Troubleshooting Login Issues

Inactive Accounts

Accounts that are not used for one year are disabled. If you believe your account has been disabled for inactivity, please submit a ticket to

Password Changes

If you know your current NetID password and desire to change it, navigate to the UT OIT password management page and log in. Once you authenticate with your username, password, and Duo, continue through the account protection prompt. Specify a new password that complies with UT’s password policies and accept the AUP (acceptable use policy) to change your NetID password.

If you do not know your current NetID password and desire to change it, navigate to the UT OIT password reset page. Provide the necessary information to authenticate, then continue through the account protection prompt. Provide a new password that complies with UT’s password policies and accept the AUP to change your NetID password.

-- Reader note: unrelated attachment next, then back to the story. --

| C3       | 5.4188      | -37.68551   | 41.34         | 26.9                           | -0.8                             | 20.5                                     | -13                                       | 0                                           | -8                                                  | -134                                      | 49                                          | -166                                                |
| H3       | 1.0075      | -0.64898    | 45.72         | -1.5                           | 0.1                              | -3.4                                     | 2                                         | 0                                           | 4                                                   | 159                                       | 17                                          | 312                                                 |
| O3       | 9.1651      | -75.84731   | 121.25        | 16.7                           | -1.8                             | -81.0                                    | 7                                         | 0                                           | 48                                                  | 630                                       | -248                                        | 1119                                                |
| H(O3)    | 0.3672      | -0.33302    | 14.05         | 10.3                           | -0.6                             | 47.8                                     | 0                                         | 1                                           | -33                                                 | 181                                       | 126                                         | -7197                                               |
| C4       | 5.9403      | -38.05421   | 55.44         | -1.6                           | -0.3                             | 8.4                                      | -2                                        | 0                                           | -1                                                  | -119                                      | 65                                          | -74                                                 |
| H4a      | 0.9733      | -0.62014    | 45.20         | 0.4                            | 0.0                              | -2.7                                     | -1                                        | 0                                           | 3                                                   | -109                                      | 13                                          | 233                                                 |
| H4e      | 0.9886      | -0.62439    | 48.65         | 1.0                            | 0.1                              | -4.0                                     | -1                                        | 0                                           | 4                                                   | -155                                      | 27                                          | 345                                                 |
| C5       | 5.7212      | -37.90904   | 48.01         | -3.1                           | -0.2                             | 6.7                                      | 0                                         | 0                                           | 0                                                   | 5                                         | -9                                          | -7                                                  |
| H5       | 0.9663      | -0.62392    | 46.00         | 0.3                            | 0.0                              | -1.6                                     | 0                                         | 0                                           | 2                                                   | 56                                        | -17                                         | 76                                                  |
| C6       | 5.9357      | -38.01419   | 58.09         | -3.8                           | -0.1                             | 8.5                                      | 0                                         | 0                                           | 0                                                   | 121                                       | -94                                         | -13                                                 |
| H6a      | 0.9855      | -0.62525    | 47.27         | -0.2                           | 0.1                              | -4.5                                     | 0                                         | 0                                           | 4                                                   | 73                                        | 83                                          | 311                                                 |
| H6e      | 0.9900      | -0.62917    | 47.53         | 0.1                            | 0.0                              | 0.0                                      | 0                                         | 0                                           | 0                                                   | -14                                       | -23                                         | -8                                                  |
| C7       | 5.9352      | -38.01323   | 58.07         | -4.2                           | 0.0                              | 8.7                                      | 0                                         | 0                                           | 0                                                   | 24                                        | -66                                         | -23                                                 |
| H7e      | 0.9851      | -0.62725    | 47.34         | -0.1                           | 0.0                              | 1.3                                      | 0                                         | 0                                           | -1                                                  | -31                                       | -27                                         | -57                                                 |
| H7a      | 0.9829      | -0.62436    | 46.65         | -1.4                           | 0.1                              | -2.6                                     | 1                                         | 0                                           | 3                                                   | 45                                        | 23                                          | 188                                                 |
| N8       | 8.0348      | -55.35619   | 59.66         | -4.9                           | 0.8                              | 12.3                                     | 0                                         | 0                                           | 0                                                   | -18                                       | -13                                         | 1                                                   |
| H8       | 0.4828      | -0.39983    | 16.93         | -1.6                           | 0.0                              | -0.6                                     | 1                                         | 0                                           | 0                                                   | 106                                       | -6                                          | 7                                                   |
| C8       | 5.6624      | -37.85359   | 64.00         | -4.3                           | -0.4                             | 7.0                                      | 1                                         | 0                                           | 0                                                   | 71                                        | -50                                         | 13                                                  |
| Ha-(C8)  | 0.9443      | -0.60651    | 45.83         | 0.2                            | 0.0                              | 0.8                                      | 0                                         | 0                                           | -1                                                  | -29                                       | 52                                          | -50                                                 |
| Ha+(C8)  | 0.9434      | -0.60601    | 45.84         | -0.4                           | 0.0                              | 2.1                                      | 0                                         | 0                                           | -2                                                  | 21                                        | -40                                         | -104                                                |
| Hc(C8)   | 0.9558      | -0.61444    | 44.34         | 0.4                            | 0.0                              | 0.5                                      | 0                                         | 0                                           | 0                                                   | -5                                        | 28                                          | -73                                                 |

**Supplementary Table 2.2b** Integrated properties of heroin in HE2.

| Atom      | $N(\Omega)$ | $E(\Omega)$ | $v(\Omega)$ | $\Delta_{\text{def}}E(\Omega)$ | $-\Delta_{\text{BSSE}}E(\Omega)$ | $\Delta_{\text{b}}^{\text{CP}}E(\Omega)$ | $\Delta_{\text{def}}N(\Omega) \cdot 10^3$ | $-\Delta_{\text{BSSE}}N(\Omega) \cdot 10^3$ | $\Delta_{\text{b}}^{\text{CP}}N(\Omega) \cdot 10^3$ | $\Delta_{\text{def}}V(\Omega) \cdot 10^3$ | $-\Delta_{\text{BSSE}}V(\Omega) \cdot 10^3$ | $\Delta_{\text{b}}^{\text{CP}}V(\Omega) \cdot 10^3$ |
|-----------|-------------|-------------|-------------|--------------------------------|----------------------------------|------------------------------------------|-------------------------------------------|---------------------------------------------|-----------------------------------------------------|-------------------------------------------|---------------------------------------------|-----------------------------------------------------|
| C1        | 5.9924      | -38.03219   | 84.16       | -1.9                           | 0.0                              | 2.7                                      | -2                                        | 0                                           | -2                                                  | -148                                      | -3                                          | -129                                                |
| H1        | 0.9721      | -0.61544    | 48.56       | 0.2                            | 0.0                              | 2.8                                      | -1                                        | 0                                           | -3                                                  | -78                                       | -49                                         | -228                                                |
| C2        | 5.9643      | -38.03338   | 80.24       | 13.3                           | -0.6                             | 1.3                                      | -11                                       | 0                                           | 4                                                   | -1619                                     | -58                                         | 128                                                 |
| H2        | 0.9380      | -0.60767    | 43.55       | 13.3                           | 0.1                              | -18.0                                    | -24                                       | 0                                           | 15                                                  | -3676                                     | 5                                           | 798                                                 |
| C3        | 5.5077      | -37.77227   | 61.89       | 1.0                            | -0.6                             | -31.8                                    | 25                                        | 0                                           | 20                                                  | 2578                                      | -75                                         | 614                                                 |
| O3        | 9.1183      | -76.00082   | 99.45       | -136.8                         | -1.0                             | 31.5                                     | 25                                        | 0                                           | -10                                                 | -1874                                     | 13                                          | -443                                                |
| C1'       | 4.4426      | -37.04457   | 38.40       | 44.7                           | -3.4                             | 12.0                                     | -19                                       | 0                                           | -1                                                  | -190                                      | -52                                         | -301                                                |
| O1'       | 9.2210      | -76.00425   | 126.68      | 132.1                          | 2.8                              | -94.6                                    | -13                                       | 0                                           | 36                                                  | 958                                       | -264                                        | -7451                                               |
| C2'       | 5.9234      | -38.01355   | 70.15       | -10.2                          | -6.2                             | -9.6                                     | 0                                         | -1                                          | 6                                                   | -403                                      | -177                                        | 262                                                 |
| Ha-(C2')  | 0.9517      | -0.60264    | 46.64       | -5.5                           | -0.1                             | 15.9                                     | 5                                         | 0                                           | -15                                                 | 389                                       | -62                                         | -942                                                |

If you continue to have issues with your NetID password, please submit a ticket to

Key Mismatches

When you log in to the ACF for the first time, your ssh client will warn you about an unknown host key. This is normal behavior and should not cause alarm. Generally, the ssh client will show the host’s key fingerprint and ask if you wish to continue. Select “yes” when this option is presented to you. At that point, the ACF’s host key will be added to your system, which will prevent future prompts. Be aware, however, that ssh host keys can change, and when they do, the ssh client will dramatically warn you. Figure 6.1 shows this warning. It is necessary to edit your ssh known_hosts file to remedy this error. If you have reasonable suspicion that this is a legitimate security concern and not a case of mismatched keys, please submit a ticket to

ssh Key Change Warning
Figure 6.1 - ssh Key Change Warning